# What is meant by “known” in “A knowledge-base exhibits complete knowledge iff for every P (within its vocabulary) P or ~P is known”

I have a question as to what it means for a knowledge-base to be consistent and complete. I've been looking into non-monotonic logic and different formalisms for it from the book "knowledge Representation and Reasoning" by Brachman and Levesque, but something is confusing me. They say:

We say a KB exhibits consistent knowledge iff there is no sentence P such that both P and ~P are known. This is the same as requiring the KB to be satisfiable. We also say that a KB exhibits complete knowledge iff for every P (within its vocabulary) P or ~P is known"

They then seem to suggest that by "known" they mean "entailed". They say

"In general, of course, knowledge can be incomplete. For example suppose KB consists of a single sentence (P or Q). Then KB does not entail either P or ~P, and so exhibits incomplete knowledge."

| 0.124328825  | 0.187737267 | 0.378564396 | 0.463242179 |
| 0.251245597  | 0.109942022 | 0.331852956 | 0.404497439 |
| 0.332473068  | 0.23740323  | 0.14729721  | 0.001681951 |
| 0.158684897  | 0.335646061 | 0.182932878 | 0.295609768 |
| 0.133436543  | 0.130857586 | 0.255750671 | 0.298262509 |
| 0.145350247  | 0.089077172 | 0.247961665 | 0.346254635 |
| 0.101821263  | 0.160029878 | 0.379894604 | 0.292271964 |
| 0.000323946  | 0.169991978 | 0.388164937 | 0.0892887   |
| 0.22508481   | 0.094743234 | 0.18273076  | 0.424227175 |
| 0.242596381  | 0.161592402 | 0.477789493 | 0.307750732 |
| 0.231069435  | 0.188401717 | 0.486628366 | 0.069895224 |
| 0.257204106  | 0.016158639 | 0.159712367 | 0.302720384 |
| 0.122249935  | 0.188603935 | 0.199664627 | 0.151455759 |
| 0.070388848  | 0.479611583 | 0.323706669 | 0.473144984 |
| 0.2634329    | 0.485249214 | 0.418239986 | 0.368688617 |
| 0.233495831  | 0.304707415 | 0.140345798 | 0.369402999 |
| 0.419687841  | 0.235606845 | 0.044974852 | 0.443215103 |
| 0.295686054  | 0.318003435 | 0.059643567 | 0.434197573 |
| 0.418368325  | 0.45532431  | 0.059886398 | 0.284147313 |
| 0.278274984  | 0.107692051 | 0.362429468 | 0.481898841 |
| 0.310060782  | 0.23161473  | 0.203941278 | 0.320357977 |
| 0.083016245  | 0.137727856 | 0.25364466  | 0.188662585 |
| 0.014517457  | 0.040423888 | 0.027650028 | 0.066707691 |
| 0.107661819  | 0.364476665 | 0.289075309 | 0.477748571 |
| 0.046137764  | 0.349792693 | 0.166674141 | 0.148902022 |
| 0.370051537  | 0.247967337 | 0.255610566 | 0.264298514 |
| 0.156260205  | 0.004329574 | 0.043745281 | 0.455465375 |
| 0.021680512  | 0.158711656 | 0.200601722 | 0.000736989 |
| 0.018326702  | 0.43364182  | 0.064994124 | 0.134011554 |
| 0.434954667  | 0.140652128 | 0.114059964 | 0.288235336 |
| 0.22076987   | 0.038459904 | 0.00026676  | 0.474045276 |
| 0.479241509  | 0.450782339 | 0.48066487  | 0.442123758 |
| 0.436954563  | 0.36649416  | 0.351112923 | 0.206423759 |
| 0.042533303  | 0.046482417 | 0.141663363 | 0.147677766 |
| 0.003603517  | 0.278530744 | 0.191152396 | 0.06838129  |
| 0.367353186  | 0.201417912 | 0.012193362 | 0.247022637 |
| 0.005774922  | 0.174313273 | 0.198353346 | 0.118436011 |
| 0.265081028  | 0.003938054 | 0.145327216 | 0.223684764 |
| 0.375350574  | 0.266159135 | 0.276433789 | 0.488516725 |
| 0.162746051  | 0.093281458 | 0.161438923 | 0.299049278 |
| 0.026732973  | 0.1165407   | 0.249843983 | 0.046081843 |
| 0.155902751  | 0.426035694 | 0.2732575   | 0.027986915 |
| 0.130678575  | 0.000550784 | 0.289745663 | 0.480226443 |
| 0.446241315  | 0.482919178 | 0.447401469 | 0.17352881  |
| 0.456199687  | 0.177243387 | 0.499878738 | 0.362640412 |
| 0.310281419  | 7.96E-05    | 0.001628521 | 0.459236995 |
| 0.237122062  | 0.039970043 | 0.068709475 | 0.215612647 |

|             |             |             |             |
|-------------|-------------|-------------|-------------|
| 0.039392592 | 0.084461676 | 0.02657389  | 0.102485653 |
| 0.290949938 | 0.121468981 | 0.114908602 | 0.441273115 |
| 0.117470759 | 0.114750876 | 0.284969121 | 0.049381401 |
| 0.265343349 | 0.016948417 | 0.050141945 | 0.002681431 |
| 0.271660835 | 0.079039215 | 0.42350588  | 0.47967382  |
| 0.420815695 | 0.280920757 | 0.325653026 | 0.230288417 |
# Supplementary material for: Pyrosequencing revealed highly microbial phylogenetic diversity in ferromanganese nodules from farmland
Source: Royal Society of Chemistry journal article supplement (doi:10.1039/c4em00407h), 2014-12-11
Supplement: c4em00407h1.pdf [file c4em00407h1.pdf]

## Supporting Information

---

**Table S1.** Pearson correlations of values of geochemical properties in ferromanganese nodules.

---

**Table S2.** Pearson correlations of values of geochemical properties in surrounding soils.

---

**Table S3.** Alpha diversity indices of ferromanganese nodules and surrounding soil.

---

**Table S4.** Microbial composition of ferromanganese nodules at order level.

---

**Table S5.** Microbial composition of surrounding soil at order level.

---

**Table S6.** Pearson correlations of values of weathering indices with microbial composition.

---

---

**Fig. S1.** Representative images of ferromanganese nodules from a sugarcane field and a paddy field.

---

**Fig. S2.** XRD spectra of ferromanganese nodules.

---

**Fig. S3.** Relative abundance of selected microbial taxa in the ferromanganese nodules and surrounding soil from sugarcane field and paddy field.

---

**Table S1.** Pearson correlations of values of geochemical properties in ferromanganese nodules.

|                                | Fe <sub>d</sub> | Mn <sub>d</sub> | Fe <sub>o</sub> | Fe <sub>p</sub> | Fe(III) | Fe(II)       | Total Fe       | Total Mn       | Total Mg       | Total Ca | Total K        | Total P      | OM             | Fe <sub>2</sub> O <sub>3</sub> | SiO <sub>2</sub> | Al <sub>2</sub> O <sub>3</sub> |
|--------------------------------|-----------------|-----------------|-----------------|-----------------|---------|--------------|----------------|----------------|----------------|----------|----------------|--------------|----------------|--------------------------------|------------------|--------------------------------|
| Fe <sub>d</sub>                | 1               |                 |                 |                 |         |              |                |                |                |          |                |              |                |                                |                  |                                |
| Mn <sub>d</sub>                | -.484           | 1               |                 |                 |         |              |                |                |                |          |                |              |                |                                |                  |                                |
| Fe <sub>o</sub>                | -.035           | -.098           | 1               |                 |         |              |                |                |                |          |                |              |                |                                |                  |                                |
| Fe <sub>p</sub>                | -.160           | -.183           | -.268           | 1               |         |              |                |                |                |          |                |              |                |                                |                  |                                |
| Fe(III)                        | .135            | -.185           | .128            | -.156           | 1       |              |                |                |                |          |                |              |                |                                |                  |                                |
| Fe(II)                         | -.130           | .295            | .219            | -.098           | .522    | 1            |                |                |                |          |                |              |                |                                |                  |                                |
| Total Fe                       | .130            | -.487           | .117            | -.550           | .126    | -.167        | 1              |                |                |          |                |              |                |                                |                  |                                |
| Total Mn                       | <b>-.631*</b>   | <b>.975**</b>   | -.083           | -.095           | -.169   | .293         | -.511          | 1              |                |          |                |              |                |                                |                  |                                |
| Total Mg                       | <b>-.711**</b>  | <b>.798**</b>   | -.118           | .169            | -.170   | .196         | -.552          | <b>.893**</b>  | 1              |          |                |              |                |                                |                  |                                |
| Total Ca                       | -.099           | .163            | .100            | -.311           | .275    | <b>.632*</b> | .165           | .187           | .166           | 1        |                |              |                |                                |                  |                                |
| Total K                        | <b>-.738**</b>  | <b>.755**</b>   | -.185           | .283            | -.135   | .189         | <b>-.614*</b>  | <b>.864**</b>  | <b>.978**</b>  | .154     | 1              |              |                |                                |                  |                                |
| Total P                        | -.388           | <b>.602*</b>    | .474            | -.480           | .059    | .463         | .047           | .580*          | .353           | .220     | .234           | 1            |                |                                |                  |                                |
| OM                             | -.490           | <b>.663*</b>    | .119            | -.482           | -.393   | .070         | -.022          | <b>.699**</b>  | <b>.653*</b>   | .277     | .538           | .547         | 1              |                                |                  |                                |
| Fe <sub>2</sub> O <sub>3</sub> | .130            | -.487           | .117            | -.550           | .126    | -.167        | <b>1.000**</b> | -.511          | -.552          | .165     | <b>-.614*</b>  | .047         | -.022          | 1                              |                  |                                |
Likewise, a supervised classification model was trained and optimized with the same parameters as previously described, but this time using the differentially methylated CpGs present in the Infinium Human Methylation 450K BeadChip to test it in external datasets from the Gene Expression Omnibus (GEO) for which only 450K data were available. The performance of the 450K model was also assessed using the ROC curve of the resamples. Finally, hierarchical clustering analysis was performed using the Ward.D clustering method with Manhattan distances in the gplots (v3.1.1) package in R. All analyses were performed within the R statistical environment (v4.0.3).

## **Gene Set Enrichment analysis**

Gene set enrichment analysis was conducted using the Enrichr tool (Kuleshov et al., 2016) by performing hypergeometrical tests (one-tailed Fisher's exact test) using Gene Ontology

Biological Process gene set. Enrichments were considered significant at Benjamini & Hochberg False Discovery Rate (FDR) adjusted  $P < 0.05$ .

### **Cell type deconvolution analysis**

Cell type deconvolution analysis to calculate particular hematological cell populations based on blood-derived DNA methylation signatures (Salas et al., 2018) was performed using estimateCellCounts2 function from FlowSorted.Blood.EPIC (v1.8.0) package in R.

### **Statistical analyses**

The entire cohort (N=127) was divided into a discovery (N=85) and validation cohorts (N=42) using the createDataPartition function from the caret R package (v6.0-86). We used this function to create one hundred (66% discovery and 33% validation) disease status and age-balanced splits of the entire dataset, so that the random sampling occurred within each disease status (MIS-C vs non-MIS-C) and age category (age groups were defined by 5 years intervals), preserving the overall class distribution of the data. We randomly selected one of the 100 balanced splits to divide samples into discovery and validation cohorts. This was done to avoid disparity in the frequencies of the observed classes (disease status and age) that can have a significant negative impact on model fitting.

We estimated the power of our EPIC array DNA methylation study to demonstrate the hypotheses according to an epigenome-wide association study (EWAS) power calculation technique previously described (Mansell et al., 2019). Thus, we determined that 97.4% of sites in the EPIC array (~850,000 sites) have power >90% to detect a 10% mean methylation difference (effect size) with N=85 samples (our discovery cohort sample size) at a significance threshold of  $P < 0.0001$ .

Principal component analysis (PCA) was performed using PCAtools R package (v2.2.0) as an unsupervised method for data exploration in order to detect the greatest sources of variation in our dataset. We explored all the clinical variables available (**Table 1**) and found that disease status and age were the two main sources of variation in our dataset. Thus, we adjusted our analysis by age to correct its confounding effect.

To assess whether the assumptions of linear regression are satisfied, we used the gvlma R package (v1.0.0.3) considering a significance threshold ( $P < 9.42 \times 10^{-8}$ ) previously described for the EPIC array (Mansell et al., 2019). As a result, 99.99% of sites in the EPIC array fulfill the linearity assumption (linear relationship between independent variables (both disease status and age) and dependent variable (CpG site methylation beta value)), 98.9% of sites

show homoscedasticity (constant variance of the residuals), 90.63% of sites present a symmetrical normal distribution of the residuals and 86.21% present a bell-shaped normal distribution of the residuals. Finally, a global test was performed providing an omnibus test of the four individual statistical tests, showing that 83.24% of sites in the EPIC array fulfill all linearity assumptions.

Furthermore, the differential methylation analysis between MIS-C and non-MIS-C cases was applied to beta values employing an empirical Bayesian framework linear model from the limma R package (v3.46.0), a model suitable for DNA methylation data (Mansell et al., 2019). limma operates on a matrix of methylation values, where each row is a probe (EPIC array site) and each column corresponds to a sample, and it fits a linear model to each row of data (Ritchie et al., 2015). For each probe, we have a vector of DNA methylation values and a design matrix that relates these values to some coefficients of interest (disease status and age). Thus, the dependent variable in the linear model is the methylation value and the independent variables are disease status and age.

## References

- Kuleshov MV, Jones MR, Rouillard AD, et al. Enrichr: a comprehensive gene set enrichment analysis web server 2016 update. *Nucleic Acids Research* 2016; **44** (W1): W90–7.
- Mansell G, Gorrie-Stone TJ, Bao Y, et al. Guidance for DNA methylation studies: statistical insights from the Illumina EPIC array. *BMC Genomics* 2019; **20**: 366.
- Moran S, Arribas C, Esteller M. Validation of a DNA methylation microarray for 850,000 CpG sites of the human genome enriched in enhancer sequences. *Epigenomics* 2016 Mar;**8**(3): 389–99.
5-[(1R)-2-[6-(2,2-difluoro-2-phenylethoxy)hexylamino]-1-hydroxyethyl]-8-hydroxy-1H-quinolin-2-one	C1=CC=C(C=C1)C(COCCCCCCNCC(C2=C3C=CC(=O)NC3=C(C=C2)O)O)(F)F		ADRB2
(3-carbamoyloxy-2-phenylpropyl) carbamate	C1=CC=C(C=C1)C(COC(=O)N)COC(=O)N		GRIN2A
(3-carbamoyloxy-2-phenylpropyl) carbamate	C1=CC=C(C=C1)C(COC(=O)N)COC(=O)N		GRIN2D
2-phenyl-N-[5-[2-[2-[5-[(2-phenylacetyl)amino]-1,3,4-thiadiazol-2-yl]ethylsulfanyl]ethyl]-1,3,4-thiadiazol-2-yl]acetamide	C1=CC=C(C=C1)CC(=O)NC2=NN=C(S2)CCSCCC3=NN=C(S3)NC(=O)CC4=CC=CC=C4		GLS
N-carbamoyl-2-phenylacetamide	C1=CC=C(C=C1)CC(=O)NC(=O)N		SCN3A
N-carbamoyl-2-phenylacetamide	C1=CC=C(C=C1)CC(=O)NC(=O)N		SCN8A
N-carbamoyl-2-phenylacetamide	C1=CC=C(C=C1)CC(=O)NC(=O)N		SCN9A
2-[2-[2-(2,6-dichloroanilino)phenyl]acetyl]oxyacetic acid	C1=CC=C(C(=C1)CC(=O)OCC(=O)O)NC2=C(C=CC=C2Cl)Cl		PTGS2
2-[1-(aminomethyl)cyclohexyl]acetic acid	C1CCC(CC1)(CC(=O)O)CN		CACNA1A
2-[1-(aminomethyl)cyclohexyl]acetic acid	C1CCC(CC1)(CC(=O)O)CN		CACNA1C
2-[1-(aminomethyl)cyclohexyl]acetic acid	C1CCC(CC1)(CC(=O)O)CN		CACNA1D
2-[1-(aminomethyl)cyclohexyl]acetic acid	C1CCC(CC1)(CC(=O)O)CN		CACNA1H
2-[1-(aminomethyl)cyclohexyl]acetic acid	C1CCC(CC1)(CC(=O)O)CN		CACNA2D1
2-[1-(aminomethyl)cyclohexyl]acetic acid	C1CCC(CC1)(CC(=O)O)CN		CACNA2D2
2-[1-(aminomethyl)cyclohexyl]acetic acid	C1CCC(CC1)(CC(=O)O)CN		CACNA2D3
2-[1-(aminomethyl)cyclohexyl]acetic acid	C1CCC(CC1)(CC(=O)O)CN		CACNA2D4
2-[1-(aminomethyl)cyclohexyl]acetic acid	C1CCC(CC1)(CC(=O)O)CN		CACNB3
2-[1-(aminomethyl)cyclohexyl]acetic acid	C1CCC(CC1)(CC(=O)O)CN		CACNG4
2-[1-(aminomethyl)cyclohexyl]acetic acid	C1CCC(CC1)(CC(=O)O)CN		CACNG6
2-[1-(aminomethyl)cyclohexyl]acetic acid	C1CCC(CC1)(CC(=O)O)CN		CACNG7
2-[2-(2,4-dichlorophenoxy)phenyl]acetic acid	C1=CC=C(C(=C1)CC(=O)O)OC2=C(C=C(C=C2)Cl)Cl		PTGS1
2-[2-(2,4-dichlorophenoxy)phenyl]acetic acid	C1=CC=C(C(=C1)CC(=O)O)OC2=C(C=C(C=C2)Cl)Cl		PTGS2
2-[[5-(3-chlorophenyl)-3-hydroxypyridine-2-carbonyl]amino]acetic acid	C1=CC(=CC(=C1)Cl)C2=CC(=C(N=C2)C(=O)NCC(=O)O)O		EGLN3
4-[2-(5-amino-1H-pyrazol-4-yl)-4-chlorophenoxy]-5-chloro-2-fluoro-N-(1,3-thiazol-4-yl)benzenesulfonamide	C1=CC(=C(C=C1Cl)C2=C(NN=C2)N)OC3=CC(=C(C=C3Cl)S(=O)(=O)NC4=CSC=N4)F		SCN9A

But when dealing with sets of sentences, I usually see these terms as being defined w.r.t. derivability and not entailment.

So my question is, what exactly do these authors mean by "known" in the above quotes?

edit: this post the math stack exchange helped clarify things.

I guess in this context "known" means nothing but either $P$ or $\neq P$ is in the KB; further, exactly one of these two needs to be in the KB.
Just think about what it means if $P$ and $\neg P$ are in the KB, then the KB is obviously inconsistent.
And if neither of these two sentences is in the KB, then no information at all can be retrieved from the KB and it remains unclear whether $P$ or $\neg P$ is supposed to be a true statement; thus $P$ is "unknown".
However, if exactly one of these two is in the KB, then one has all information that one needs about $P$ (due to the excluded middle); $P$ is "known" and consistent.